Monthly Archives: November 2011

Time to Think

My classes are starting a research project this week. We have been studying the Roman Empire, and they are creating a museum exhibit around a topic of their choice. We have spent the last month learning about the rise and the height of the empire, looking at the different characteristics of empires that can be found in Rome. We will use this model to then look at the Islamic Empires.

The students chose topics of interest to them, ranging from Roman baths to arches to how various gods were worshipped. I worked with them to expand or contract the topics that they had chosen, as they only have 3 days to do their research. Then, before moving into the research itself, I wanted them to pause and think about what it was about their topic that interested them. What questions did they hope to answer? What did they already know, and what did they want to find out?

I decided to give them a 10 minute “Thinking Time” to reflect on their topic. I didn’t give them any specific questions to answer; I just told them to consider what they were interested in. Each of them took a sheet of unlined paper and went to find places around the Middle School where they could sit and not be disturbed. I cautioned them to no sit too closely to their best friends, as they might be distracted. I encouraged them to draw or write if they wanted to, but that I mostly wanted them to focus on thinking about the topic.

I sent them out and then began to slowly walk around the halls. It quickly became apparent that many of them felt like they had to fill up the sheet of paper, that just having it represented a “task to be done” and they were madly scribbling away. Others were clearly watching other students walk by or paying attention to conversations down the hall. Others were simply sitting, looking around them or focusing on the wall in front of them, no outward sign of mental activity at all.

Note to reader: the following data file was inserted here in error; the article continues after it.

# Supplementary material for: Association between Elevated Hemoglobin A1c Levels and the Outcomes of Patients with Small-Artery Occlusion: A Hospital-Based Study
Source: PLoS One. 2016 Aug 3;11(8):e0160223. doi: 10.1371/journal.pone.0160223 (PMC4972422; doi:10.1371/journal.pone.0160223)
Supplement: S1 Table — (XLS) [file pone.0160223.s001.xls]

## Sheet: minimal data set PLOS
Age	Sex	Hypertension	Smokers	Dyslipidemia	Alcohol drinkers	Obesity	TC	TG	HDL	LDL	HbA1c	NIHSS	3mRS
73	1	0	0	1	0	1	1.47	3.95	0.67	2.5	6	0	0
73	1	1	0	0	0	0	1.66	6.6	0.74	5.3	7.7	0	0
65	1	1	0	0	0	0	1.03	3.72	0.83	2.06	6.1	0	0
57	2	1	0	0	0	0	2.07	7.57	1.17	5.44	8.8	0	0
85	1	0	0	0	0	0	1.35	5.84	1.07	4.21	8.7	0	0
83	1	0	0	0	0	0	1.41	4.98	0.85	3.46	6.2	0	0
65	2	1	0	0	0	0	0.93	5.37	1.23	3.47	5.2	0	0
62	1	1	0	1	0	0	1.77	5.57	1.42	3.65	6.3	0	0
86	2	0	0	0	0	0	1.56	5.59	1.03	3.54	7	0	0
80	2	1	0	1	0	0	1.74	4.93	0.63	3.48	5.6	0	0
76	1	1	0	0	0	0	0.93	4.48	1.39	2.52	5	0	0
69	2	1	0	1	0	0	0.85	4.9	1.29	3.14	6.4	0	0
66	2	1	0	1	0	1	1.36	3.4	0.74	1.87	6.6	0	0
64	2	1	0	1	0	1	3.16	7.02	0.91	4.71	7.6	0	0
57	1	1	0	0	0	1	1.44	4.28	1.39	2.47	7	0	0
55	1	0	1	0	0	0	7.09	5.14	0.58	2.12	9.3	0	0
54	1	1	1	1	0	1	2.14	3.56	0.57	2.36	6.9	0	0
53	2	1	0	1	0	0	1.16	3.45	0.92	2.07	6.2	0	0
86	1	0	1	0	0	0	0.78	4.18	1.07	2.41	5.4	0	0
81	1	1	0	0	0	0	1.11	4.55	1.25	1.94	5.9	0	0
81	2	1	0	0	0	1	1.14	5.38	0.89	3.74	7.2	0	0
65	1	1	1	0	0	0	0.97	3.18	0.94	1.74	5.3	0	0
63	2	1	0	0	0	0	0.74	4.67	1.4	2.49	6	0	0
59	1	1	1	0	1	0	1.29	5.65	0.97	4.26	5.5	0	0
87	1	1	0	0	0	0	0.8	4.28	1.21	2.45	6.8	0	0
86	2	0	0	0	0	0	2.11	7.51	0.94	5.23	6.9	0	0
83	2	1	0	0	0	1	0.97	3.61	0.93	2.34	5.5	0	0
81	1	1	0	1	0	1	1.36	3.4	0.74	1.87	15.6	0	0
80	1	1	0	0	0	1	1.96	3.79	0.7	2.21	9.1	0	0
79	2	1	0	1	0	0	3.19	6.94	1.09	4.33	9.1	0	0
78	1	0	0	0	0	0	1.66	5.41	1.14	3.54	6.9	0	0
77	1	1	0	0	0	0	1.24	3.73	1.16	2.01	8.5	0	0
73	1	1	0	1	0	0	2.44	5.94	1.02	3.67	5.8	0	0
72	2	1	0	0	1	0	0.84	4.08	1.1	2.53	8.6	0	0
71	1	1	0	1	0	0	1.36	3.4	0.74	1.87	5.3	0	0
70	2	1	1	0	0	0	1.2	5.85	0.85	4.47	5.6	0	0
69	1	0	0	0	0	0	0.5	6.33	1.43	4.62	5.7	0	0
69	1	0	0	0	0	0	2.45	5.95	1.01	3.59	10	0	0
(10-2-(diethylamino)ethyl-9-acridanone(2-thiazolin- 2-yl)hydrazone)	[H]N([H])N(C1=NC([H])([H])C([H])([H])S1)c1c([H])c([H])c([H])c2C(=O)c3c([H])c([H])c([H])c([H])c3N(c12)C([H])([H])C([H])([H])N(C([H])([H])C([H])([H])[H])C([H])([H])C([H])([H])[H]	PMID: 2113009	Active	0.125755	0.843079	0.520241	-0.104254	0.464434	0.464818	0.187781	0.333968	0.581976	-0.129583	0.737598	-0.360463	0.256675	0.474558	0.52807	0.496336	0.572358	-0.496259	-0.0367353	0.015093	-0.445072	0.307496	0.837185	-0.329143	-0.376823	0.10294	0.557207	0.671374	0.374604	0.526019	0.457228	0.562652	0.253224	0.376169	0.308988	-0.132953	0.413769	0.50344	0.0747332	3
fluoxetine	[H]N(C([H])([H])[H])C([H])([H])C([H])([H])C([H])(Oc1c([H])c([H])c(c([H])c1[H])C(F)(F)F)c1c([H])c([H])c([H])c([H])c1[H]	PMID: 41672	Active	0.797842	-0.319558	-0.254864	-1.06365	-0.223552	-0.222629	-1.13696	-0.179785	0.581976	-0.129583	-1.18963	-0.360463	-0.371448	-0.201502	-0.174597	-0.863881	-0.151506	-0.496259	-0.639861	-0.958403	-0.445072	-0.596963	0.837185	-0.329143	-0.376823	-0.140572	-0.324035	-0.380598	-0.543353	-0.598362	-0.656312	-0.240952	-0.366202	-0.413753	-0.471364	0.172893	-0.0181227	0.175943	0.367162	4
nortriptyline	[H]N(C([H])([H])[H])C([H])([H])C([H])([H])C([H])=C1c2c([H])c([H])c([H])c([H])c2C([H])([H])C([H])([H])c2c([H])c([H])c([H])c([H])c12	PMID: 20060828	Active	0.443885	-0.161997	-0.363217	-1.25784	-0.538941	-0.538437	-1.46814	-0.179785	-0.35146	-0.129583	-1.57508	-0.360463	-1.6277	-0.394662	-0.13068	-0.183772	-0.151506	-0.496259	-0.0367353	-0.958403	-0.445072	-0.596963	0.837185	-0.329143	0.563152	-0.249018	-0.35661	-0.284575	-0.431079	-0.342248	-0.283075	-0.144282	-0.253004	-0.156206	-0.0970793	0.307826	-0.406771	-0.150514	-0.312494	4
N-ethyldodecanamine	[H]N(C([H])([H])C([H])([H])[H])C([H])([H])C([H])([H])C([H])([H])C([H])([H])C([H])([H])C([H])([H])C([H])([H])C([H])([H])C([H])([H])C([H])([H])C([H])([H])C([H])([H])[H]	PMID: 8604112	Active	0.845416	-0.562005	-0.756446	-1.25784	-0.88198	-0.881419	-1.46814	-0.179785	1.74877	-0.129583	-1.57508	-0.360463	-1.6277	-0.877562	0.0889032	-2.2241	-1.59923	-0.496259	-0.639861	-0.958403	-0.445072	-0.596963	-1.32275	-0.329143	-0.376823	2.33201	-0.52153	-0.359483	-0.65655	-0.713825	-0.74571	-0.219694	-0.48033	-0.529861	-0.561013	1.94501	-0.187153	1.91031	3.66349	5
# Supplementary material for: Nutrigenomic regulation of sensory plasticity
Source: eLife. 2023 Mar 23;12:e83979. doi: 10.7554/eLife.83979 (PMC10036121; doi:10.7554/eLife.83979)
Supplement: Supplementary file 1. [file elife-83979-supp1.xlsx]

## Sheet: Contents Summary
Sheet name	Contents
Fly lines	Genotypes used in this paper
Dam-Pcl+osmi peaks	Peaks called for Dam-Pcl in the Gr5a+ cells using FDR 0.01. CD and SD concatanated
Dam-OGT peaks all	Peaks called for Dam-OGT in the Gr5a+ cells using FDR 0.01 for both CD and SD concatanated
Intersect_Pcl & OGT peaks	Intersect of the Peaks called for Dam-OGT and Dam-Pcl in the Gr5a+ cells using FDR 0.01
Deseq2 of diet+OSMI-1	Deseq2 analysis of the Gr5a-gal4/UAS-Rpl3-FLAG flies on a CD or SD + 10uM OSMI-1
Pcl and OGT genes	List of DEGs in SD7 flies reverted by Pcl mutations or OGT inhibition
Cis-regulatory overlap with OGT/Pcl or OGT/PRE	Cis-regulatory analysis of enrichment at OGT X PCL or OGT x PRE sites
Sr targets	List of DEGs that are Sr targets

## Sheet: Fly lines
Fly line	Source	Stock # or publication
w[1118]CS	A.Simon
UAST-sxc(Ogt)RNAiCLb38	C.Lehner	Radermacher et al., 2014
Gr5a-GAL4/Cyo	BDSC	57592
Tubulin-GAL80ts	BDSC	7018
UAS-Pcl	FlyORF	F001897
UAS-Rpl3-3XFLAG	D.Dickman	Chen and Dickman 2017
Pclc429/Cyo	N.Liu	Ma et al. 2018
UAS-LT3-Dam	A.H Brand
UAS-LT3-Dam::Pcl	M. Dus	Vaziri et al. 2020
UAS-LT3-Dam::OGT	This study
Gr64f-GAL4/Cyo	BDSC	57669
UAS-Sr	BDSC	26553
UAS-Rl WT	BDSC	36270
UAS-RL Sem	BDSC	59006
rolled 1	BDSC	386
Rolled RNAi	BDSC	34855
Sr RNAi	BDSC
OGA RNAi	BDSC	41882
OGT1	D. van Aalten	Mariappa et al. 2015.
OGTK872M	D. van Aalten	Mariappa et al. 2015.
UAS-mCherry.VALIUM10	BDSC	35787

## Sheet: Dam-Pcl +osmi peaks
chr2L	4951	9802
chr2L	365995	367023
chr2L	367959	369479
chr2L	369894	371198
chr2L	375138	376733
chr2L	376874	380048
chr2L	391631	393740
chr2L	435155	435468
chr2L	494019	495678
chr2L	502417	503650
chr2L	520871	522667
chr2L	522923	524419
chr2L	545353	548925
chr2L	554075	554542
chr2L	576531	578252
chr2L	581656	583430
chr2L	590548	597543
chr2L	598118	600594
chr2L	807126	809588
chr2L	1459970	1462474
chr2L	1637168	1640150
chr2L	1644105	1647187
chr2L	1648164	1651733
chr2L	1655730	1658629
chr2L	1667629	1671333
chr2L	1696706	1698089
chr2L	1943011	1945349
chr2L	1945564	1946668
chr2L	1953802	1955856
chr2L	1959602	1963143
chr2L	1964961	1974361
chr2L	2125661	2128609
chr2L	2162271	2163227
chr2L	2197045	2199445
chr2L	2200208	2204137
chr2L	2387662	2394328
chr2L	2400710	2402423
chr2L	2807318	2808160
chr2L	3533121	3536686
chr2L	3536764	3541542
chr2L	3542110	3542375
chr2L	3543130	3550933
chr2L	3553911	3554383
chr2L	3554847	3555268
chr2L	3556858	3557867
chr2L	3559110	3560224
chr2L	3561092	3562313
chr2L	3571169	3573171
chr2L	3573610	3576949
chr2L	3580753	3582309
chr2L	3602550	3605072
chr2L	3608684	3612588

When I called them back after the 10 minutes, I asked them if they had learned anything. The main response was that they loved the quiet. Simply sitting still felt like a treat to them, an almost unknown kind of time that they really enjoyed. They clearly were surprised at how much they liked it. I think they thought that they were getting away with “no work” by having time to be still. That part made me smile, because part of what I want to train them to recognize is their brains at work, without a lot of outside stimulation. To teach them that, I have to give them quiet time to listen to their own thoughts. I am willing to give up some “teaching” time to have them learn to hear their own ideas rattling around inside their brains.